Ascending

April comes to a close and as it does, we reach the next spoke in the wheel of the year, as this evening brings Walpurgis Night, named for St. Walpurga, whose feast day is the First of May. In the Celtic tradition, the day is known as Beltane. It is the cross quarter day that helps us spring to summer here in the Northern Hemisphere, and the direct opposite spoke of the cross quarter day that helps us fall to winter, which is Samhain, or Halloween. The fall to winter brings descent, life burrowing down beneath the earth, while the spring to summer brings ascent, life springing forth from the earth. It is an aspect of the everlasting mysteries of the planet and its place in the universe: we know these things so well, for we witness them each year with the planet’s revolution around the sun, and yet how these things have all come to pass still has the power to leave us breathless. The very names given to these days are shrouded in mystery, too, for their pronunciations are, for most of us, not of our tongue, and what seems apparent is not: Beltane is pronounced bowl-tan-a; Samhain is pronounced sah-win. Like the names of angels in ancient tongues, to speak the names connects us to a long forgotten past whose embers still smolder.

As such, a fire is appropriate for tonight. In Sweden, there will be bonfires, as well as gravlax and sparkling wine, all through the night. There are traditional songs, like “Maj vare välkommen” (May Be Welcome). We don’t do much celebrating of Walpurgis Night here in the States, but in a place where the extremes between winter and summer are keenly felt, May surely is welcome.

Tomorrow, I will write again with your Convivio Book of Days calendar for May. May be welcome. Summer be welcome. We wish you peace.

Nighttime mysteries abound: our image today is of a Guyana Chestnut blossom in our yard. The blossoms burst forth in spring and summer at about 9 PM in small explosions from pods that are about 4 inches long. There may be one on the tree or there may be ten, but they all tend to pop open at about the same time, filling the night with a spicy air that is most definitely a fragrance of spring and summer, most definitely of this ascending time of year.

 

 

9 thoughts on “Ascending

  1. mary beth shipley says:

    Thank you for this beautiful article! That is amazing about that tree!! I’ve never heard of that and I really appreciate you sharing your knowledge! I’m not sure where I read this it might’ve been on this site, but I think the word Beltane also means ‘Bright Fire’ which is kind of a fun thought! Happy brightening!! I am getting a Mosel riesling wine to celebrate!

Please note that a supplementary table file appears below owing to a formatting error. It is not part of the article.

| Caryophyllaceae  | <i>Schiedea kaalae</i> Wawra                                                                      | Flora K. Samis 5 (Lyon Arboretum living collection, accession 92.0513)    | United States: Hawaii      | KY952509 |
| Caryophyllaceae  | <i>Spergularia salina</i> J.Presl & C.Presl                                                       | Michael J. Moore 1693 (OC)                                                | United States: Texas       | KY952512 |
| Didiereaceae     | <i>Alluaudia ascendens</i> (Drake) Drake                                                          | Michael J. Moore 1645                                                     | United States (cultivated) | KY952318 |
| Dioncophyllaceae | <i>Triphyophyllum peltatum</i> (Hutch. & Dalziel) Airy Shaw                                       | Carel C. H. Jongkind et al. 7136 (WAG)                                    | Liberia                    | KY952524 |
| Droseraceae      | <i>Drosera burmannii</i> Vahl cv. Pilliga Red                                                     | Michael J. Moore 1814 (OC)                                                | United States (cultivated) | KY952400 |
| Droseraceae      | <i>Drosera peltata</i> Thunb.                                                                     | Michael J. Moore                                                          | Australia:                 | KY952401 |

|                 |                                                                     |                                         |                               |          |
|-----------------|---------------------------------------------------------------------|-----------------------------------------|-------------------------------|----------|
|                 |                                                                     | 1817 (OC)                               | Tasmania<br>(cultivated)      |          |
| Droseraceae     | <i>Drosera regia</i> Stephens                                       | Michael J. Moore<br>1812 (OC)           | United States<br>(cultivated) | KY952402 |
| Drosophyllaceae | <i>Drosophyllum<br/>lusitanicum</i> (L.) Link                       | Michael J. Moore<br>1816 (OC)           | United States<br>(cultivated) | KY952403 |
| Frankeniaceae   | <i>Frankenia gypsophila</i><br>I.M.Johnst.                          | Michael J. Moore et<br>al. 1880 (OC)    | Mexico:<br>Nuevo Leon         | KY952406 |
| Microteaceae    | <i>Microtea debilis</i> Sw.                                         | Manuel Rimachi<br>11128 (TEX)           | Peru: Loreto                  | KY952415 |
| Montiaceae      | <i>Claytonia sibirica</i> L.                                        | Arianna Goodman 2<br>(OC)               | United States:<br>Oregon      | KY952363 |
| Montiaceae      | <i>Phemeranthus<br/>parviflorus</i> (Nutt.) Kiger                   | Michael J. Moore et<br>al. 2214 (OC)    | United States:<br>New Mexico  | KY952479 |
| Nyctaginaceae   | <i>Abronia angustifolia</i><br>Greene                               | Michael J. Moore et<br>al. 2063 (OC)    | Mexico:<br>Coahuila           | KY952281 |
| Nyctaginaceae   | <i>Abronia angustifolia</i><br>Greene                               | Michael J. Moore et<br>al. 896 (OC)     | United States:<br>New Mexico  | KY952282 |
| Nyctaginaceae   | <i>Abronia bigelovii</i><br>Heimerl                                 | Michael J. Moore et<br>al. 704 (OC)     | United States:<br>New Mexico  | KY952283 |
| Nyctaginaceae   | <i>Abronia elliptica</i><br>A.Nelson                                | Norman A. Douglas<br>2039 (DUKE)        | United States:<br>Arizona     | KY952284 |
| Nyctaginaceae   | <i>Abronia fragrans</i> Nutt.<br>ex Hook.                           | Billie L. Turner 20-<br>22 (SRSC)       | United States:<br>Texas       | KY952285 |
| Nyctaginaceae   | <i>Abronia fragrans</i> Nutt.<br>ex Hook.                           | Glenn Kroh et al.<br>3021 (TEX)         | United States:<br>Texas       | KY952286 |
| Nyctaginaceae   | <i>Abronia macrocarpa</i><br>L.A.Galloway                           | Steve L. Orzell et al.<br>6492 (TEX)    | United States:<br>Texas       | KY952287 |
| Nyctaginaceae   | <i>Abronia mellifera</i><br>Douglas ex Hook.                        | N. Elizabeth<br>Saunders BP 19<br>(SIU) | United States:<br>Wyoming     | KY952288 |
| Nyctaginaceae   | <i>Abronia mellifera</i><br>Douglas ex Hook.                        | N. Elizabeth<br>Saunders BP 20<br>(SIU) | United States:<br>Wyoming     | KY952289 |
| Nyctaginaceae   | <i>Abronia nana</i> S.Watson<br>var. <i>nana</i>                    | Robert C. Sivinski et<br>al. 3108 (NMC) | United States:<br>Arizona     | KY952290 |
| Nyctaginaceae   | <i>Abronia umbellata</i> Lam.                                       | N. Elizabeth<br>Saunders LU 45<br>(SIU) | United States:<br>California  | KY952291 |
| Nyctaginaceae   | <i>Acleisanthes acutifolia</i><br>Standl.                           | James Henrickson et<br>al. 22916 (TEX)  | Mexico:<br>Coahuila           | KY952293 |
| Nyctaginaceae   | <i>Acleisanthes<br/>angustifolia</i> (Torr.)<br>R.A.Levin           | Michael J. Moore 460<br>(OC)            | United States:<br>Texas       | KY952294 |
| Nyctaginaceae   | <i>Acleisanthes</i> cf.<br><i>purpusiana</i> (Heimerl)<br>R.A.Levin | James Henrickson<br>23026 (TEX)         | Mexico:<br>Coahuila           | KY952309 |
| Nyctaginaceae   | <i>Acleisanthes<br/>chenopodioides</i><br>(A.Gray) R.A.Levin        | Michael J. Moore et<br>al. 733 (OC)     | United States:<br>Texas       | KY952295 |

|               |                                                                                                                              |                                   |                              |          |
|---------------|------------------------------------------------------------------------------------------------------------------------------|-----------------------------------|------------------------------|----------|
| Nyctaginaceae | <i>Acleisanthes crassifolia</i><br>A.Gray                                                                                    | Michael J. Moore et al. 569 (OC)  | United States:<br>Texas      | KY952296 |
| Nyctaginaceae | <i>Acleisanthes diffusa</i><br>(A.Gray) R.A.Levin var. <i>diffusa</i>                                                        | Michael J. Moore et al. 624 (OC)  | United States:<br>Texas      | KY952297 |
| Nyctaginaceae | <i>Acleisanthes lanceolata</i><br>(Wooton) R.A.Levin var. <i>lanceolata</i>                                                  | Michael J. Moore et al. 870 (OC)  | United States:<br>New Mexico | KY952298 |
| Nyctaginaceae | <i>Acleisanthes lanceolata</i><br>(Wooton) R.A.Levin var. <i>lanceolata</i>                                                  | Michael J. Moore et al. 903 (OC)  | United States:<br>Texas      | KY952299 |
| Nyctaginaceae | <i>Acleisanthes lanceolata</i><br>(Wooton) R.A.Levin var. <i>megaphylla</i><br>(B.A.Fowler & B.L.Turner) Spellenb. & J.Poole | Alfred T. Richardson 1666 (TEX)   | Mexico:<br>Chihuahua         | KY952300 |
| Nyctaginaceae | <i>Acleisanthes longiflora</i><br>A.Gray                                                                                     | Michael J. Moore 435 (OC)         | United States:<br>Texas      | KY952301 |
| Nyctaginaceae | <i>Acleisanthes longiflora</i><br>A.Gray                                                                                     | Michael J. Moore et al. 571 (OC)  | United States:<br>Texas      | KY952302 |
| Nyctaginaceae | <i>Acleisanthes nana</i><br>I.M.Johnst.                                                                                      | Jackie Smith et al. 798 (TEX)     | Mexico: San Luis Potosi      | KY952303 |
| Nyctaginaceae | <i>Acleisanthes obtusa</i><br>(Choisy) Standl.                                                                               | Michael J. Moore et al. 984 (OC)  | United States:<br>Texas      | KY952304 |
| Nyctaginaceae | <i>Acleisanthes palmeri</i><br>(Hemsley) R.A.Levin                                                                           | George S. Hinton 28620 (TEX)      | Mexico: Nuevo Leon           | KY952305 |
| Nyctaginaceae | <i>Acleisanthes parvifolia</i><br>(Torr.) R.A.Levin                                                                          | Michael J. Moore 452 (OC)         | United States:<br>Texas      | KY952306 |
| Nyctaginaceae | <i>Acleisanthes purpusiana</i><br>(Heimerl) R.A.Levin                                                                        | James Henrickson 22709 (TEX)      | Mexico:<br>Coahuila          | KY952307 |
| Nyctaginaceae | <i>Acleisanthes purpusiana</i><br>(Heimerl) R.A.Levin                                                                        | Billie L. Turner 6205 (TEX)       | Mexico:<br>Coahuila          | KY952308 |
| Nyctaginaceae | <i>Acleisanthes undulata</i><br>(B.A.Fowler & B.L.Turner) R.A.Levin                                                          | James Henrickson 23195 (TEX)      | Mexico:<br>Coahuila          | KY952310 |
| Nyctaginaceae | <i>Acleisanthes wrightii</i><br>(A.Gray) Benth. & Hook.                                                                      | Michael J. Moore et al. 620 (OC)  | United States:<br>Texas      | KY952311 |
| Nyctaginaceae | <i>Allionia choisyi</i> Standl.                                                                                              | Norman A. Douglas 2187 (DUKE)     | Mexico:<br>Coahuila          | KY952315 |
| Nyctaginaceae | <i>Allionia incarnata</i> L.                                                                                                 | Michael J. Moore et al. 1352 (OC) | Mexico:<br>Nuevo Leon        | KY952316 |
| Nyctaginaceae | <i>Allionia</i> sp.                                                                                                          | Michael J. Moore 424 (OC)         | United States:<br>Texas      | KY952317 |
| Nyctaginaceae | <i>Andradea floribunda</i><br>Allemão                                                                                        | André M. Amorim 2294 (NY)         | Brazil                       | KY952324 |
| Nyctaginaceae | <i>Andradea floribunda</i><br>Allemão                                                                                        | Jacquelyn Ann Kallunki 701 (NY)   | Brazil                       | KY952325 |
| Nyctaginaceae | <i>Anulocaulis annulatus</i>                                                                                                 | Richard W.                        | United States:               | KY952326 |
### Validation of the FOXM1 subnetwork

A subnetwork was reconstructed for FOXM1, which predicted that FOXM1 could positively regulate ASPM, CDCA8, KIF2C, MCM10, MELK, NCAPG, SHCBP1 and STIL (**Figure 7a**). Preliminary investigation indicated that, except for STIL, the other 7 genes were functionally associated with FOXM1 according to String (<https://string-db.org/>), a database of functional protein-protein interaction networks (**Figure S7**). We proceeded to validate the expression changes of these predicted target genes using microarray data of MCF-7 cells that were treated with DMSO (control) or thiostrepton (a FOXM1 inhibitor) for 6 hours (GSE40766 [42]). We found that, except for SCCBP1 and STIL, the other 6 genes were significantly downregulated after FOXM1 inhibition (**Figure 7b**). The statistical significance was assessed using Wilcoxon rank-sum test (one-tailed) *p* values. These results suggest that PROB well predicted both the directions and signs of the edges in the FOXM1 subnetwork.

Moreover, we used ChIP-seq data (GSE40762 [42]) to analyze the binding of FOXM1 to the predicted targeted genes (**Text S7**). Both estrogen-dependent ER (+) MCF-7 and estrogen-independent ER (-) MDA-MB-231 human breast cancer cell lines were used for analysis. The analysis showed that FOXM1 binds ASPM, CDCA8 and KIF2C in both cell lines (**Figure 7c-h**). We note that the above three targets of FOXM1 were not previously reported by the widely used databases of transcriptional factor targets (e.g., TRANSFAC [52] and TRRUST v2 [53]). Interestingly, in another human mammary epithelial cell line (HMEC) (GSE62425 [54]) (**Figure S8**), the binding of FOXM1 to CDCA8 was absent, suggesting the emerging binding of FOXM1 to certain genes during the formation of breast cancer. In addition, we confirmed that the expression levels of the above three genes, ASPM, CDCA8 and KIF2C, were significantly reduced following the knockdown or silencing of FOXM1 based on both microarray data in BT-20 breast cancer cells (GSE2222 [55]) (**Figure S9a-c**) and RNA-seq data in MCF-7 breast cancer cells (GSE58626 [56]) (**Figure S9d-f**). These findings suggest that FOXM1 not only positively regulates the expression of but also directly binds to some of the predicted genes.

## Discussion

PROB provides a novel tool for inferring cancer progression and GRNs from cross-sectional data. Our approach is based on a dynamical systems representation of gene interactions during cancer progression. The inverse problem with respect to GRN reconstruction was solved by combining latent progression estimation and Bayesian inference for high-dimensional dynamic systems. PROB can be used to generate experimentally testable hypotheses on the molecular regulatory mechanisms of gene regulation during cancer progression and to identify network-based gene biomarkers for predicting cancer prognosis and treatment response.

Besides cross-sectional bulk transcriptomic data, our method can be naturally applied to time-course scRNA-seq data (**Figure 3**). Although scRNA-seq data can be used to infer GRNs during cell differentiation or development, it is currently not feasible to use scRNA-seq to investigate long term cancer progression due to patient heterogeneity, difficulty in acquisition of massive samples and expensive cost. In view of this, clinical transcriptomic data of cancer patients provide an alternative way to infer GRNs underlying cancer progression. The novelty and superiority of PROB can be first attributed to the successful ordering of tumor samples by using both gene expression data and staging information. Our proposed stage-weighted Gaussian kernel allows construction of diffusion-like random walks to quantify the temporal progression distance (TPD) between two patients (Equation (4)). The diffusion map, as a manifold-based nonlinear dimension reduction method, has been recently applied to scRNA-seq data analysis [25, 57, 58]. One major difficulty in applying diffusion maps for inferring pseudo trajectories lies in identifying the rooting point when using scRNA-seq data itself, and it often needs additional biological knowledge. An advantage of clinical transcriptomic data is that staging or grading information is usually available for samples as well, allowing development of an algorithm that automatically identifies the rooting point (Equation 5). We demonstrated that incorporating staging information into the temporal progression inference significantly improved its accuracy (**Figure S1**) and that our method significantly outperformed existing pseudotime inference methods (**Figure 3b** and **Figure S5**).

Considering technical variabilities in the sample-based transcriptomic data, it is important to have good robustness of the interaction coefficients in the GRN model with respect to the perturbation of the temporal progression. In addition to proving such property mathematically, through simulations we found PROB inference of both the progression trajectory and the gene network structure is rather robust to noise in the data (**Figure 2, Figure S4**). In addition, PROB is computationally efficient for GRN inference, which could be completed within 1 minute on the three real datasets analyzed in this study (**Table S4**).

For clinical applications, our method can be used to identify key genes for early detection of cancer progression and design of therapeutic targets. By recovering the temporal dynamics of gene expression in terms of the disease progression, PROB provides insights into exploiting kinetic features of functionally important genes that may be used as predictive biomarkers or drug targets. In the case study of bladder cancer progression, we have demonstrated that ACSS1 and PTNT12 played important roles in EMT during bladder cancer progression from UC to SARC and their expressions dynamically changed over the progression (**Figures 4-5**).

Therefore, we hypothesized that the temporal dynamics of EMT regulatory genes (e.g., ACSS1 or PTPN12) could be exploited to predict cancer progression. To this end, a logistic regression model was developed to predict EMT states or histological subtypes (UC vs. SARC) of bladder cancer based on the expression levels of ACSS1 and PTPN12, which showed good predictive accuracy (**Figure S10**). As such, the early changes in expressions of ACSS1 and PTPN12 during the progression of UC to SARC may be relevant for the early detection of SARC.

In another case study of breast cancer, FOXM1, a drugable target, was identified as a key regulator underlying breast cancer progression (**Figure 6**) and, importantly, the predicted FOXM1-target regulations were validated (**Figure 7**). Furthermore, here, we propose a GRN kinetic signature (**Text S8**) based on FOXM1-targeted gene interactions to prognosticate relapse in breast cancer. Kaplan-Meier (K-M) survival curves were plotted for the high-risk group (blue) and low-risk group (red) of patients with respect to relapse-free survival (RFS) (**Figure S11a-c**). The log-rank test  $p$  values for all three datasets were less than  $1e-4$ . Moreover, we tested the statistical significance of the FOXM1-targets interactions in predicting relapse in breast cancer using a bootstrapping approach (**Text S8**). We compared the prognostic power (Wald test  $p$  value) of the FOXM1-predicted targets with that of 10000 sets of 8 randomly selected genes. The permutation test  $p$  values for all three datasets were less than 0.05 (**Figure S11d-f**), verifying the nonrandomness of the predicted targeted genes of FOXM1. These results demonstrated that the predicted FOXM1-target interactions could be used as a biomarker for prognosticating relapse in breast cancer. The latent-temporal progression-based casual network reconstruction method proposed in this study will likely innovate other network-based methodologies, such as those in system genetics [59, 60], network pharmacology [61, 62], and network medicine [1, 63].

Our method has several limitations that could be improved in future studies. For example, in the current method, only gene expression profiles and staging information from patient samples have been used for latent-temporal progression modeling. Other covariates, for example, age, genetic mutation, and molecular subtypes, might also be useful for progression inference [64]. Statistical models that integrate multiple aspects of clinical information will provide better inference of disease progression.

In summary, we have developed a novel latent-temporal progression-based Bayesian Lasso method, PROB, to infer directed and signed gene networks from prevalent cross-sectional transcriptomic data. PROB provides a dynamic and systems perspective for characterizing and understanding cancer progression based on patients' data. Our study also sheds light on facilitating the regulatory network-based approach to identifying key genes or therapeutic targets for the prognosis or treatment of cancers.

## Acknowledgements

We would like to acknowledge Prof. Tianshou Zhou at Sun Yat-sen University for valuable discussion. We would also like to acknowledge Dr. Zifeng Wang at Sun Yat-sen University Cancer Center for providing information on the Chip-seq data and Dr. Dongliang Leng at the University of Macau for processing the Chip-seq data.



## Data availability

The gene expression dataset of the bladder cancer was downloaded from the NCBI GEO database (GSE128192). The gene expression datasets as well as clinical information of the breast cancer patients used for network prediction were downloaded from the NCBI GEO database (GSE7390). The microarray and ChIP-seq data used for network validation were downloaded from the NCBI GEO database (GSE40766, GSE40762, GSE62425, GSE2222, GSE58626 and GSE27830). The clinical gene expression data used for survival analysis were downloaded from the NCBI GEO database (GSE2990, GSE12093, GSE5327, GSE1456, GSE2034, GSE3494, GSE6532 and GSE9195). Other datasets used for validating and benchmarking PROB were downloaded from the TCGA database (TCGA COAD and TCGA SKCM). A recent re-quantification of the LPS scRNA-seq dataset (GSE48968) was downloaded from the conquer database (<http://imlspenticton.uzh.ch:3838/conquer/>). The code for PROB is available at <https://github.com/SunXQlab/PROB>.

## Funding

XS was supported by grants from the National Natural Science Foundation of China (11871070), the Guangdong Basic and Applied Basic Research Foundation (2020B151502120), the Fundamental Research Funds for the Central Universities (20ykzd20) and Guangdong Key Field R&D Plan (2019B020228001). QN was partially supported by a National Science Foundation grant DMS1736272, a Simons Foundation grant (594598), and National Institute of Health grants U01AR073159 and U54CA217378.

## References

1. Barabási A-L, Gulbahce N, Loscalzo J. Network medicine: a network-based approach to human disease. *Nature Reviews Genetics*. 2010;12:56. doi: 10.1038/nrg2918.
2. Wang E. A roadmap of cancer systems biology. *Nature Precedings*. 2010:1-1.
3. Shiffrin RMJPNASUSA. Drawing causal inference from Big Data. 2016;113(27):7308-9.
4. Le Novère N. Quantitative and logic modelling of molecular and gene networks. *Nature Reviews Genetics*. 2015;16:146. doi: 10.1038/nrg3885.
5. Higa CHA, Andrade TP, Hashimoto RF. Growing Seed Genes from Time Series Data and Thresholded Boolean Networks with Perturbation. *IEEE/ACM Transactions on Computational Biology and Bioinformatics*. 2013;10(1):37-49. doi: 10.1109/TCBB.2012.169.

Sonnenfeuer, Sternengold, Kühlen Mondlichtschein’ – The fire of the Sun, the gold of the stars, and cool moonlight.

    • John Cutrone says:

      Hi Mary Beth, you did not learn that from me, but I thank you for teach it to me. I love the idea of Beltane as bright fire, and feels appropriate. The Riesling is a fine idea for tonight, and thank you also for your blessing. Cheers!

  2. Prof. Betty Gray says:

    I love this–thanks for the pronunciations. I remember reading about the “bonfires” in a Thomas Hardy novel. I think the Novel may have been The Return of The Native. How I came to be reading that in about 5th grade is unknown, but I went for a long time trying to figure what the bonfires were for. Now I’ll have to find the time of year in that Novel,( which of course I have) but it had to be Fall or Spring.
    Riesling is a great idea and then I’ll go my research–LOL bettygray

    • John Cutrone says:

      Cheers, Betty! And I’ve been reading Under the Greenwood Tree, also by Thomas Hardy, but alas, I misplaced my book in the last few chapters. I can’t find it anywhere! Which is not the way things typically go here but which has happened to me twice in the past year with books.

  3. Betty Gray says:

    well I’m way off about the bonfires in Return of The Native–it was Nov. more a Guy Fawkes day –too bad
    betty gray

  4. Cari Ferraro says:

    dear John, thank you always for your posts which inspire and hearten me. I adore your description of Beltane as the spring into summer, and Samhain as the fall into winter. All these years, I’ve never heard it said like that, it’s brilliant! I will borrow it if I might. I just read this: “The name Bealtaine is said to derive from Old Irish, meaning ‘bright fire,'” on an Irish writer’s FB page so your friend Mary Beth is spot on. I am excited about the brightening days and always feel a surge of energy about this “spoke’ as you call it. Maybe I will make a post this year; I have rather missed the rhythm of writing at every turn of the Wheel, but as you know, have been busy writing other things. Blessings of the May to you and yours!

    • John Cutrone says:

      Back when Convivio Bookworks was known as Red Wagon Press, we used to send out two mailings each year to our mailing list of about 50 people, and we called them just that: Spring Into Summer, Fall Into Winter. It was meant to cover all the months of the year to save us some money on postage, but also a manifestation of this very thought about these two opposite sides of the wheel.

      Blessings to you and yours, too, Cari, and good luck with all the writing you are doing!

  5. […] Cutrone, of the Convivio Book of Days, describes this cross quarter day as the time when we spring to summer, just as the opposite cross quarter day […]

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